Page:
An adviser to Mifsud, Stephan Roh, has told TheDCNF that Mifsud has ties to Western intelligence and that he was instructed to lay low until the end of the special counsel’s investigation.
Papadopoulos has increasingly questioned Mifsud’s activities during the 2016 campaign.
The pair met for the first time on March 14, 2016, just days after Papadopoulos learned he would be joining the Trump campaign. Papadopoulos claims that his bosses at the London Center for International Law Practice (LCILP), a U.K. think tank where he was working at the time, insisted that he travel with them to Rome and meet Mifsud.
Mifsud also worked for LCILP, but Papadopoulos says he had never met the professor prior to his Rome visit.
Papadopoulos and Mifsud stayed in contact for several months after their initial meeting. Their emails show that they attempted to set up meetings between the Trump campaign and members of the Russian government. The meetings never took place.
Papadopoulos and Mifsud met again in London on March 24, 2016, where Mifsud introduced him to a Russian woman he claimed was Vladimir Putin’s niece. As the special counsel’s report notes, the woman turned out not to be related to the Russian president. Mifsud may have also edited and drafted some of her emails and text messages to Papadopoulos, the report claims.
The report also said that Mifsud lied to FBI agents during his February 2017 interview when he claimed his interactions with Papadopoulos ended after the March 24, 2016 meeting. It is unclear why Mifsud did not face charges in the special counsel’s probe, as Papadopoulos did. (RELATED: Mueller Claimed Joseph Mifsud Lied To The FBI About Papadopoulos Contacts, But He Wasn’t Charged)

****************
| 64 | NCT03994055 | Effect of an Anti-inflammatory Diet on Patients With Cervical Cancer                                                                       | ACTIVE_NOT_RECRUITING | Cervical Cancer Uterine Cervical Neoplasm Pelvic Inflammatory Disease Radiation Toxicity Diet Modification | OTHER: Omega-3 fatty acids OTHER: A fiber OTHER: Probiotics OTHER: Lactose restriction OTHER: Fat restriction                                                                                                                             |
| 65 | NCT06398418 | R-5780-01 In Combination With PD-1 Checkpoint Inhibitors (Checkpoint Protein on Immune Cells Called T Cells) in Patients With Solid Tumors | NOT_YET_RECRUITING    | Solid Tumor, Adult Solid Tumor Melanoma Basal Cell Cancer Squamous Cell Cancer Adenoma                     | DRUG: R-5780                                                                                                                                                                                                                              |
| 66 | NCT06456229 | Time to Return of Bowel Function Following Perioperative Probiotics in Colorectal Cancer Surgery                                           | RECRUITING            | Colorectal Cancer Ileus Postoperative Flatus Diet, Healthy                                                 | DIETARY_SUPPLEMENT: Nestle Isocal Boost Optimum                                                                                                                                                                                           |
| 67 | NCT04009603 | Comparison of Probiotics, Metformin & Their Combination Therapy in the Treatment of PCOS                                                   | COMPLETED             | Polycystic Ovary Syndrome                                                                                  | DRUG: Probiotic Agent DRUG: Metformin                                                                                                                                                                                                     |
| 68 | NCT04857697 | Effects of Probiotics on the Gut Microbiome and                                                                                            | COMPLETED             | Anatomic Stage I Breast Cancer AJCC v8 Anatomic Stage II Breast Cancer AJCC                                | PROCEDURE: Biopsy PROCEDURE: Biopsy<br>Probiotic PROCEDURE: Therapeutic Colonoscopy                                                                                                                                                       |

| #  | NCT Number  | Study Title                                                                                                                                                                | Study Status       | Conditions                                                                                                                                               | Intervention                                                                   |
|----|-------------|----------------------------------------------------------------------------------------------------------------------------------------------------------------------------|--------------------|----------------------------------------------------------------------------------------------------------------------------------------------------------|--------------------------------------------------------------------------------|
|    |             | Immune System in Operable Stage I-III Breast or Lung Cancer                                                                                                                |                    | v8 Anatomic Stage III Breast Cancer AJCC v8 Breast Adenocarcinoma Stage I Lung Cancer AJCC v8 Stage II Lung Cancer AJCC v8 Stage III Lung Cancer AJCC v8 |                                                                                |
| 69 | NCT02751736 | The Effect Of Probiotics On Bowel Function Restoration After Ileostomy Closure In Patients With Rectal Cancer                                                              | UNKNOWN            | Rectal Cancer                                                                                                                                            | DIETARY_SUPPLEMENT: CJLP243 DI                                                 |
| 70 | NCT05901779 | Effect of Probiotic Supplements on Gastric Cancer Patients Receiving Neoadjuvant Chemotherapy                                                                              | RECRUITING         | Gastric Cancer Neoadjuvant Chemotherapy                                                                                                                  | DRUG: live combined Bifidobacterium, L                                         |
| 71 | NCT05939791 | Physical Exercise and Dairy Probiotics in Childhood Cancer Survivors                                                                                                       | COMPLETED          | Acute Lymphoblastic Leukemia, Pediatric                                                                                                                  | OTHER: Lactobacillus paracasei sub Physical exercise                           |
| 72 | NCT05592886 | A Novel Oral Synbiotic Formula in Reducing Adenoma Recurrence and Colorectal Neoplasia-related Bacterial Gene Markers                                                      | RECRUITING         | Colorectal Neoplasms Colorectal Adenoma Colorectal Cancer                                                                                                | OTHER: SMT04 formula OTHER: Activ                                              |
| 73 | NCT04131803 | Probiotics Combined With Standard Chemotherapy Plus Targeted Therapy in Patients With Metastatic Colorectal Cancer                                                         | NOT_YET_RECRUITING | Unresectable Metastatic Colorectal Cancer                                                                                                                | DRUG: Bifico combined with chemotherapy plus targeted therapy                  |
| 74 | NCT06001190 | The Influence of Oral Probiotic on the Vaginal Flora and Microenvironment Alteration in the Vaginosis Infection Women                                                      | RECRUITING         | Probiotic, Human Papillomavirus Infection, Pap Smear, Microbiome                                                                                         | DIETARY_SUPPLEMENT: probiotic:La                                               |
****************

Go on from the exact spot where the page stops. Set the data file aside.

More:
The most significant encounter between Papadopoulos and Mifsud occurred on April 26, 2016. During breakfast at the Andaz Hotel in London, Papadopoulos claims that Mifsud mentioned out of the blue that he had learned from people in the Russian government that they had “dirt” on Clinton.
A meeting that Papadopoulos had two weeks later with another foreign diplomat would later spark the FBI’s investigation of the Trump campaign.
Alexander Downer, who then served as Australia’s high commissioner to the U.K., claimed that during a meeting with Papadopoulos on May 10, 2016, the young Trump aide mentioned that Russia might release derogatory information on Clinton later in the campaign.
Papadopoulos has insisted that he did not tell anyone on the Trump campaign about Mifsud’s remarks. The special counsel’s report says that no evidence was found to show that he did.
Downer sat on his information about Papadopoulos until late July 2016. After WikiLeaks began releasing Democratic National Committee emails, Downer passed his memo from the Papadopoulos meeting to the FBI, which then opened its counterintelligence investigation into the Trump campaign.
Papadopoulos says that he was pressed about emails during meetings in September 2016 with an FBI informant named Stefan Halper. (RELATED: EXCLUSIVE: A London Meeting Before The Election Aroused George Papadopoulos’s Suspicions)
Halper invited Papadopoulos to London under the guise of a $3,000 offer to write a policy paper on energy security issues. When Papadopoulos arrived, he was greeted by a woman going by the name Azra Turk. Turk was an undercover intelligence agent, The New York Times reported Thursday.
In his letter, Nunes questioned how the FBI would have known to press Papadopoulos about Clinton’s emails, given that he did not mention emails to Downer.
“It’s still a mystery how the FBI knew to ask Papadopoulos specifically about Hillary Clinton’s emails … if the FBI hadn’t already somehow received this information directly or indirectly from Mifsud himself,” he said.